By Austen Broome
Contributing Writer

Asbury’s chapel checkers differ on their enforcement of some of Asbury’s chapel attendance policies. 

The school’s official chapel attendance policy states that, “disruptive behavior such as being tardy, studying in chapel, whispering, sleeping, use of any electronic device, etc., will be counted as a one-third absence.” 

Nate Kuhl, a current chapel checker, said, “This year we are still marking phones, sleeping and homework; but we haven’t been able to get an answer about whether people are actually getting marked a third of an absence.”

Kuhl isn’t sure if students are actually punished for activities like texting in chapel, but according to Gwendolyn Cipkowski, another chapel checker, “Any time you are marked for doing something in chapel that you shouldn’t be, it counts as a third of an absence.” 

The chapel checkers do not actually issue the one-third absence penalty, or send the resulting email to the student-at-fault—that responsibility lies with Becca Warta, the staff assistant for residence life and campus ministries in the Fletcher-Early building. Warta declined an interview. 

The chapel checkers simply record in folders all attendance, absences, conduct and misconduct that occur during chapel services. They then give the folders to Warta and are done with their part of the chapel policy enforcement process. Warta then puts all absences in a computer and sends out the subsequent emails. However, the choice of what to report to Warta is completely left up to the subjective discretion of the individual chapel checkers.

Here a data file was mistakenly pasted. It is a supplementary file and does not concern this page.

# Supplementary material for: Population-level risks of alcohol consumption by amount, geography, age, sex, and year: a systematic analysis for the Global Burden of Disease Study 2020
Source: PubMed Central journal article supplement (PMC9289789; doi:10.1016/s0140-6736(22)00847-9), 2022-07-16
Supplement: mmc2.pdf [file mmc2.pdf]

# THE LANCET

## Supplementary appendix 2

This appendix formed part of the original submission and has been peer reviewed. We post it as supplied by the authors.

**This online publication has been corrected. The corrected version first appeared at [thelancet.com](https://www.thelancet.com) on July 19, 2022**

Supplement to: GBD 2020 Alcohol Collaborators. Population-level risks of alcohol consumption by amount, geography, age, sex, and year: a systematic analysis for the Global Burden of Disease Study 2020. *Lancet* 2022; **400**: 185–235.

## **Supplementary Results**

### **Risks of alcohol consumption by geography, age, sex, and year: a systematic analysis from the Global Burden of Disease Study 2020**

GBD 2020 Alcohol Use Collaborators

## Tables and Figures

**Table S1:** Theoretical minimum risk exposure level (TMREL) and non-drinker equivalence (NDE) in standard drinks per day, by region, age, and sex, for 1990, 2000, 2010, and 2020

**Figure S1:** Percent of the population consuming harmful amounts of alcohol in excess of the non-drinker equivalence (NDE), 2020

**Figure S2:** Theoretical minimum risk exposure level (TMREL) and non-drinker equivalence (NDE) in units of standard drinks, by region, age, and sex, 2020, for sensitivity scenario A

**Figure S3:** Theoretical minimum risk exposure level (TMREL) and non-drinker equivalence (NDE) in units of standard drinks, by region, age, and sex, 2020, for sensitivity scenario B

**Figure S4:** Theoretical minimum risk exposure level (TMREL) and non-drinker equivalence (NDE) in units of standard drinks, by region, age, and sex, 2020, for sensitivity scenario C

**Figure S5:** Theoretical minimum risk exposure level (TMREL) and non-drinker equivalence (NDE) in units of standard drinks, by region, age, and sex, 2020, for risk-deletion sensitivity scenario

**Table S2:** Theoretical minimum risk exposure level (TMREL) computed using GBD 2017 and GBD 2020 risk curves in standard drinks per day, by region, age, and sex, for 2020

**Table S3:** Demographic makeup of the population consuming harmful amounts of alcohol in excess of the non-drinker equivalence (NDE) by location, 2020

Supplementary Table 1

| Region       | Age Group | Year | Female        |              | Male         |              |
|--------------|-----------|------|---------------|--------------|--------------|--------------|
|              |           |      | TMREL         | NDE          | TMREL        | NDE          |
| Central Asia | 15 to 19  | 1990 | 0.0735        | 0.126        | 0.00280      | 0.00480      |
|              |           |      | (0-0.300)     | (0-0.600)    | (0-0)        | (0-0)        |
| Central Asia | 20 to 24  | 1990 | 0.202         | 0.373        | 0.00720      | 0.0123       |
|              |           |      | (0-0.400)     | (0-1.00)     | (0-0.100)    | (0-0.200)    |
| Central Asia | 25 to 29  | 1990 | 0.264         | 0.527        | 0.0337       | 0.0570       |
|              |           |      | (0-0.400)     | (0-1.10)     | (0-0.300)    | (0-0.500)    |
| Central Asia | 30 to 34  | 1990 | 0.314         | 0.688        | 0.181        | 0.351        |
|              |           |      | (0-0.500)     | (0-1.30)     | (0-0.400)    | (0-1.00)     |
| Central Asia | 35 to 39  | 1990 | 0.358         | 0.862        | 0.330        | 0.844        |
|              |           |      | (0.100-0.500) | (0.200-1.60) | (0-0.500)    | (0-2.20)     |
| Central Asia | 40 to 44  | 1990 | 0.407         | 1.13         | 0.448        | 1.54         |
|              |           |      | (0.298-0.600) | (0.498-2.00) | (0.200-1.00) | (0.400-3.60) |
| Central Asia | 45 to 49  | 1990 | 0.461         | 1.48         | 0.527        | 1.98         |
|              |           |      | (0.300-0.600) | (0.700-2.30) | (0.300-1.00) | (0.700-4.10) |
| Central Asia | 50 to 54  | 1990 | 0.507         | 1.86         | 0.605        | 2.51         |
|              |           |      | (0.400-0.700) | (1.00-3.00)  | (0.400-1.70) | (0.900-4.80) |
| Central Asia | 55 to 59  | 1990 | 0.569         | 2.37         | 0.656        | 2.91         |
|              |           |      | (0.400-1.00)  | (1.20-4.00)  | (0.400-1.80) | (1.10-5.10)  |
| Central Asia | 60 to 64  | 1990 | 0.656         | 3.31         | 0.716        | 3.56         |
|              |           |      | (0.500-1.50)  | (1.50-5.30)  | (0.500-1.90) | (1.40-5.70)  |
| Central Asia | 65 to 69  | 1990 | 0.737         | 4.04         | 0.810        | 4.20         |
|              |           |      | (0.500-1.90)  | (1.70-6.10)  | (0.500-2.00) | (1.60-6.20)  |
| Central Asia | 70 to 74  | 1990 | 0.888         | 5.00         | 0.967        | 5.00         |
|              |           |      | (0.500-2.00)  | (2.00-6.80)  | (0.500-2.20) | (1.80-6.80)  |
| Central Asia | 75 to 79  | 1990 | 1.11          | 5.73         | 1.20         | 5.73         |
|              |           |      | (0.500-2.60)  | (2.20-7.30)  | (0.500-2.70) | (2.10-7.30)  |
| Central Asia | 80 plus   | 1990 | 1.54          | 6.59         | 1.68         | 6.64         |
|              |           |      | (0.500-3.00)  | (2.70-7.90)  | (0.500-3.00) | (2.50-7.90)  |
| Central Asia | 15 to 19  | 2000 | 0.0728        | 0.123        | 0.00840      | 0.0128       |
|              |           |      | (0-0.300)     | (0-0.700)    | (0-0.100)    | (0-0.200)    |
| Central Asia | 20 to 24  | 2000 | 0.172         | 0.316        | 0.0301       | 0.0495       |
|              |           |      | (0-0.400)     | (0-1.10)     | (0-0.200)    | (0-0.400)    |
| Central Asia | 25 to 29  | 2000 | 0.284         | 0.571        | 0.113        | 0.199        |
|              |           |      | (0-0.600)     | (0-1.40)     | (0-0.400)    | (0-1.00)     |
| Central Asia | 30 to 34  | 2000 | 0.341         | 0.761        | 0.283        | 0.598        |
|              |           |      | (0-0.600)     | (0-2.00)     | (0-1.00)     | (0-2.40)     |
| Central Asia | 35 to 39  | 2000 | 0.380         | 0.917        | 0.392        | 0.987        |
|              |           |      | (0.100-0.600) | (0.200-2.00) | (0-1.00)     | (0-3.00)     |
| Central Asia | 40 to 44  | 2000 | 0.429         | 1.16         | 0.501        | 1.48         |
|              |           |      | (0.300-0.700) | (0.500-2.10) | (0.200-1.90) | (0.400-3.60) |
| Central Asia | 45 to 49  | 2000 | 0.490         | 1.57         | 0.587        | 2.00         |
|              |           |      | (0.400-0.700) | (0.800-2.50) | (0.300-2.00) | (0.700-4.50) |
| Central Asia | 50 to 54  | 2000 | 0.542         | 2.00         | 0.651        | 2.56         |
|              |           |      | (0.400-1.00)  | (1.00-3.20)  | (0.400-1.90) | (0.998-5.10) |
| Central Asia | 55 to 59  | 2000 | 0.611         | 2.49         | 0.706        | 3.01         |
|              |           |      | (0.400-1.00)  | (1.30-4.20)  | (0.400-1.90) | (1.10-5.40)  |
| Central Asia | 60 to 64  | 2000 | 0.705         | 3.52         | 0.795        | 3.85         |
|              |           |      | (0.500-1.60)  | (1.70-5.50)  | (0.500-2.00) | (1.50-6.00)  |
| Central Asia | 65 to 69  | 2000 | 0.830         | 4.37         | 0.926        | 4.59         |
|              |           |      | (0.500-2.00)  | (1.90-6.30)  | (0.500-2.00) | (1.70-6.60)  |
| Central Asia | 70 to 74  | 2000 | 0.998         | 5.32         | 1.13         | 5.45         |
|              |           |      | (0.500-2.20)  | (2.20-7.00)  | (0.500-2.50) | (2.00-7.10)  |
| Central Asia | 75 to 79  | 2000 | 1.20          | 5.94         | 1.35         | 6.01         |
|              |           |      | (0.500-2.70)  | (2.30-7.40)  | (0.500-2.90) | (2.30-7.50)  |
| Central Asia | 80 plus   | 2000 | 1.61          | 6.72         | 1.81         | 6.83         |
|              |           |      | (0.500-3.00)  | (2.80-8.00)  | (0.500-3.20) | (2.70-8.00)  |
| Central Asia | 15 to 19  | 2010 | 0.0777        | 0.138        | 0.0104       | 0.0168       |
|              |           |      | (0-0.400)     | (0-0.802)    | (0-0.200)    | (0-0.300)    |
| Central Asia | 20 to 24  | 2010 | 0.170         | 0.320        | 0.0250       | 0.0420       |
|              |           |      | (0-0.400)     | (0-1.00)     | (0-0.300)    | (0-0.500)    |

Some chapel checkers are stricter, while some are more lenient. Kuhl said he is a moderately strict chapel-checker. “I will mark everyone absent, even friends.”

Kuhl takes absences seriously. “If I realize that a person has someone else sitting in their seat, trying to avoid the absence, I will still mark them absent.” And if he sees students aren’t paying attention and are on their phones, sleeping, or doing homework, he writes it down on his report. 

Conversely, Cipkowski said that she is more lenient in her enforcement of some of the chapel policies. “The only time I mark people for texting or sleeping is if it is distracting to others or disrespectful to the speaker,” she said. “That’s what is important to me.”

However, like Kuhl, she is also strict about absences. 

“We always count people absent, and if someone isn’t in their seat all the time, I’ll mark them as well,” she said. 

Greg Haseloff, associate dean for campus ministries and campus chaplain, said, “The chapel checkers are not asked to be strict or lenient. They are simply directed to record whether or not people are breaking the chapel policy in relation to attendance and behavior.”

Chapel checkers are paid minimum wage to do their job. “It’s nice knowing that I can get paid for something I have to be at anyways,” Cipkowski said. And to Cipkowski, being a chapel checker is good for her. “It helps me listen sometimes,” she said. However, chapel checkers are allowed only six skips per semester, rather than the eight skips that a normal student gets.
So, while the official chapel policy states that there is a one-third absence penalty for sleeping, doing homework or texting during chapel, the individual chapel checkers determine whether or not to report those occurrences. 

But amidst the diversity of this year’s chapel policy enforcement, Cipkowski made a point, throughout her interview, to say that chapel checkers aren’t out to simply penalize students. Her focus is not on catching wayward students, but on respecting the chapel speakers. 
“If I were speaking in chapel…I would want students to look engaged,” she said. “Being respectful, especially as students at Asbury, is what is important.”